The timing of the initial sublethal exposure during development should also affect induced tolerance. Toxicology research has found that lethal susceptibility to insecticides can vary with developmental stage (Bridges 2000; Aydın and Köprücü 2005; Jones et al. 2010), and plasticity research has found that developmental constraints (physiological, mechanical, energetic, etc.) commonly hinder an individual's ability to initiate plastic responses (Hensley 1993; Hoverman and Relyea 2007). Given the known importance of developmental windows of sensitivity to pesticides, examining the potential for induced tolerance in multiple developmental stages is critical.

The history of a population's exposure to pesticides is another factor that could affect induced tolerance. Plasticity theory predicts that when phenotypically plastic populations experience consistent inducing conditions over multiple generations, a plastic response can eventually become constitutively expressed, even in the absence of original cues that induced the phenotypic change (i.e., the process of genetic assimilation; Waddington 1942; Debat and David 2001). In contrast, when populations experience inconsistent conditions, inducible traits should be maintained because they facilitate the expression of adaptive phenotypes in response to variable environmental conditions (Schlichting and Pigliucci 1998). Applying this theory to induced tolerance, one would predict that induced tolerance would be more likely in populations that are not consistently exposed to insecticides, whereas constitutive tolerance would be more likely in populations that are consistently exposed to insecticides. Given these predictions, it is important to look for patterns of induced tolerance in multiple populations that differ in the regularity of their exposure to insecticides.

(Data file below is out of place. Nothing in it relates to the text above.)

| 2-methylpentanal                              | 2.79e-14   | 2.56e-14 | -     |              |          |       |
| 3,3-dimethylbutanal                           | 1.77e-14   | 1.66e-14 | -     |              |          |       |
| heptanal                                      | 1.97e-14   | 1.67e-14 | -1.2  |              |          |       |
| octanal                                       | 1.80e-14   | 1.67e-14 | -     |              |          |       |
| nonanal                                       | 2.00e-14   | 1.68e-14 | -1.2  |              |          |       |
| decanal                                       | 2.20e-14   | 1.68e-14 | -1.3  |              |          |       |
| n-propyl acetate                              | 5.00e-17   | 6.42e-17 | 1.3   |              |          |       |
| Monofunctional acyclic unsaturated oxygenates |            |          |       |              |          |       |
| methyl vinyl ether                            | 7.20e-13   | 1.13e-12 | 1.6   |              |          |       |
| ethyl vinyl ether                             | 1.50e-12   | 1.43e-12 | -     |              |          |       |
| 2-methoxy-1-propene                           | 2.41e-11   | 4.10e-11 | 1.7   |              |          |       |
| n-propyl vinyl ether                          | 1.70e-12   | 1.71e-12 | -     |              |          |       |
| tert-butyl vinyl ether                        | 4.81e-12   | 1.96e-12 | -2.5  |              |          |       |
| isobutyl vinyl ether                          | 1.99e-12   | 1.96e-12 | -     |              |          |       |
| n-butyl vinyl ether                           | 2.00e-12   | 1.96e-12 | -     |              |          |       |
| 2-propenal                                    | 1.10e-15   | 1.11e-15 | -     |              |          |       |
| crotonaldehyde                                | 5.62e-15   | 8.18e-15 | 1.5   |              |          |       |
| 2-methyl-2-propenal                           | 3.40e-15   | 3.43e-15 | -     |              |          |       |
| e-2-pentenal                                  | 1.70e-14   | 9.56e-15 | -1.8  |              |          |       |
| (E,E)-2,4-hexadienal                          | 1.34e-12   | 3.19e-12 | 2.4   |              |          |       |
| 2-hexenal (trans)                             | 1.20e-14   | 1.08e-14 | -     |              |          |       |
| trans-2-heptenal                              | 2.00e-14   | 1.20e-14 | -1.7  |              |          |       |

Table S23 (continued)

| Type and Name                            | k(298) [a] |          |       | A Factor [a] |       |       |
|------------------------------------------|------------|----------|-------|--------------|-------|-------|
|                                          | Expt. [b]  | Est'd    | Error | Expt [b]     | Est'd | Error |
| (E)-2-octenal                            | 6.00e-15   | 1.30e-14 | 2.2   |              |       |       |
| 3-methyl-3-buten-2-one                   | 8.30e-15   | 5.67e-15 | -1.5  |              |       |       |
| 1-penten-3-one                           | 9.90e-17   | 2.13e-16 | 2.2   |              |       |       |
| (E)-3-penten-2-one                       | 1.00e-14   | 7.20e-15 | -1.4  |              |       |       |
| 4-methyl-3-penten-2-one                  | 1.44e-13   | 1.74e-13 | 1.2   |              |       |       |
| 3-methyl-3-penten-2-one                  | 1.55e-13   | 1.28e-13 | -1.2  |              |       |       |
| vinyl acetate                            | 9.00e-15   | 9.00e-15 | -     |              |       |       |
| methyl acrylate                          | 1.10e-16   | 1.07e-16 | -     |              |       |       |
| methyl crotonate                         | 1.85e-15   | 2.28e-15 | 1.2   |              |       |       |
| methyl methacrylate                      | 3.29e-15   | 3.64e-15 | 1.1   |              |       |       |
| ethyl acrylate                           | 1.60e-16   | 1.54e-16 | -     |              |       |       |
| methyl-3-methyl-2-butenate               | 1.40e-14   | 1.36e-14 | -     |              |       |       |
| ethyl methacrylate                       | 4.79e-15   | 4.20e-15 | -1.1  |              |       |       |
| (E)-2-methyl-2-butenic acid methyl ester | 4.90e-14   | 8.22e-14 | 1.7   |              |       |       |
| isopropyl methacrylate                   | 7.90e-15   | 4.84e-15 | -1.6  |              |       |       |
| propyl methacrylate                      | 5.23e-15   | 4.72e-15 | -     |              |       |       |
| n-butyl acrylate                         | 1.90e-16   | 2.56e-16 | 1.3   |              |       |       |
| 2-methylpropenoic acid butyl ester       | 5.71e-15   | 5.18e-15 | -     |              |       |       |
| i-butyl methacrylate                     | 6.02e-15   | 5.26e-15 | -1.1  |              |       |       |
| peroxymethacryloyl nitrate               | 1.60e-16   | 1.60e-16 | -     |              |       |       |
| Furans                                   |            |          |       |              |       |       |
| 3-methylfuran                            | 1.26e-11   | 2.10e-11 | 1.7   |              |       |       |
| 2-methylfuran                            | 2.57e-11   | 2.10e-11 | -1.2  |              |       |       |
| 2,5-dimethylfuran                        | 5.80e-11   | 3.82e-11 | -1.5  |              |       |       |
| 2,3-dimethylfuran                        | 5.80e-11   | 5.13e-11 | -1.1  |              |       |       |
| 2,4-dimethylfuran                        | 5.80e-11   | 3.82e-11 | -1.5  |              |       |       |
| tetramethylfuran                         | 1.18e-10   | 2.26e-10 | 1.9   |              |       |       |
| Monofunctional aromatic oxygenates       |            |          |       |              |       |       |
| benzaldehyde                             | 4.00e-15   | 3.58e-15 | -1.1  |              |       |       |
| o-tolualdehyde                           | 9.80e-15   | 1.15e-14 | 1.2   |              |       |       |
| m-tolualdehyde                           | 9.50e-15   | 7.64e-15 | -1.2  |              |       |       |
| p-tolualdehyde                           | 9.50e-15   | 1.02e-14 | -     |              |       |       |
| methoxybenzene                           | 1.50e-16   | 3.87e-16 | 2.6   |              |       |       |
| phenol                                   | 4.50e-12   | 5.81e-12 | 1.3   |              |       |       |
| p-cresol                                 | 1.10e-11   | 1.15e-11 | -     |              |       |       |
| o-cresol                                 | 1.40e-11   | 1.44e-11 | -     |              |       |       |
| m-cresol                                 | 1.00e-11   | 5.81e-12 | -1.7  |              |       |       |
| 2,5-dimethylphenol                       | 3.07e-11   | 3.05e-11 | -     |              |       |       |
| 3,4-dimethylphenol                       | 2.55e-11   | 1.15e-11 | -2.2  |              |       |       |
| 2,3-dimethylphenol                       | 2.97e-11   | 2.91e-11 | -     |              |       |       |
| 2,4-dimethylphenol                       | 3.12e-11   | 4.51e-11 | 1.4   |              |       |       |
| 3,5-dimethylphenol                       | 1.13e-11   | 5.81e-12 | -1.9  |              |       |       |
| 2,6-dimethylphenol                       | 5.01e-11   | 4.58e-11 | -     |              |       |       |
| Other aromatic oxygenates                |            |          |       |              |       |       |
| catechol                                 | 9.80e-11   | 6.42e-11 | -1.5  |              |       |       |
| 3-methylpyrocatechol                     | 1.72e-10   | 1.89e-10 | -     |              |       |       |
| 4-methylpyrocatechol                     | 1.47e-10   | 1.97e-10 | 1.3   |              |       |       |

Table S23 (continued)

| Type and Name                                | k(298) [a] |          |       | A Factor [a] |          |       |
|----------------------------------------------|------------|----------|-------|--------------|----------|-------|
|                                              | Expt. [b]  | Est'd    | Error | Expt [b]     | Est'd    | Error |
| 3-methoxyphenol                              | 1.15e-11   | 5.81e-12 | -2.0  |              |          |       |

Model system

Amphibians are an excellent model system to investigate the potential for inducible insecticide tolerance. Extensive research has demonstrated the ability of amphibians to alter their behavioral and morphological phenotypes in response to various stressors including competitors, predators, and pesticides (Relyea 2001, 2002, 2012; Van Buskirk 2009). Thus, amphibians may be able to respond to sublethal insecticide exposures, so it is reasonable to investigate whether insecticides can induce increased tolerance.

Given their well-described developmental stages (Gosner 1960), amphibians are also good models for investigating how exposure across ontogeny might affect the inducibility of tolerance. Previous work has shown that amphibian tolerance to insecticides varies across ontogeny, with embryos generally being more tolerant than tadpoles (Bridges 2000). The ability for amphibians to induce tolerance to stressors during more tolerant life stages can have significant lasting consequences on more susceptible life stages by decreasing the lag time between the exposure to a stressor and the ability to mount adaptive responses (Ferrari and Chivers 2009).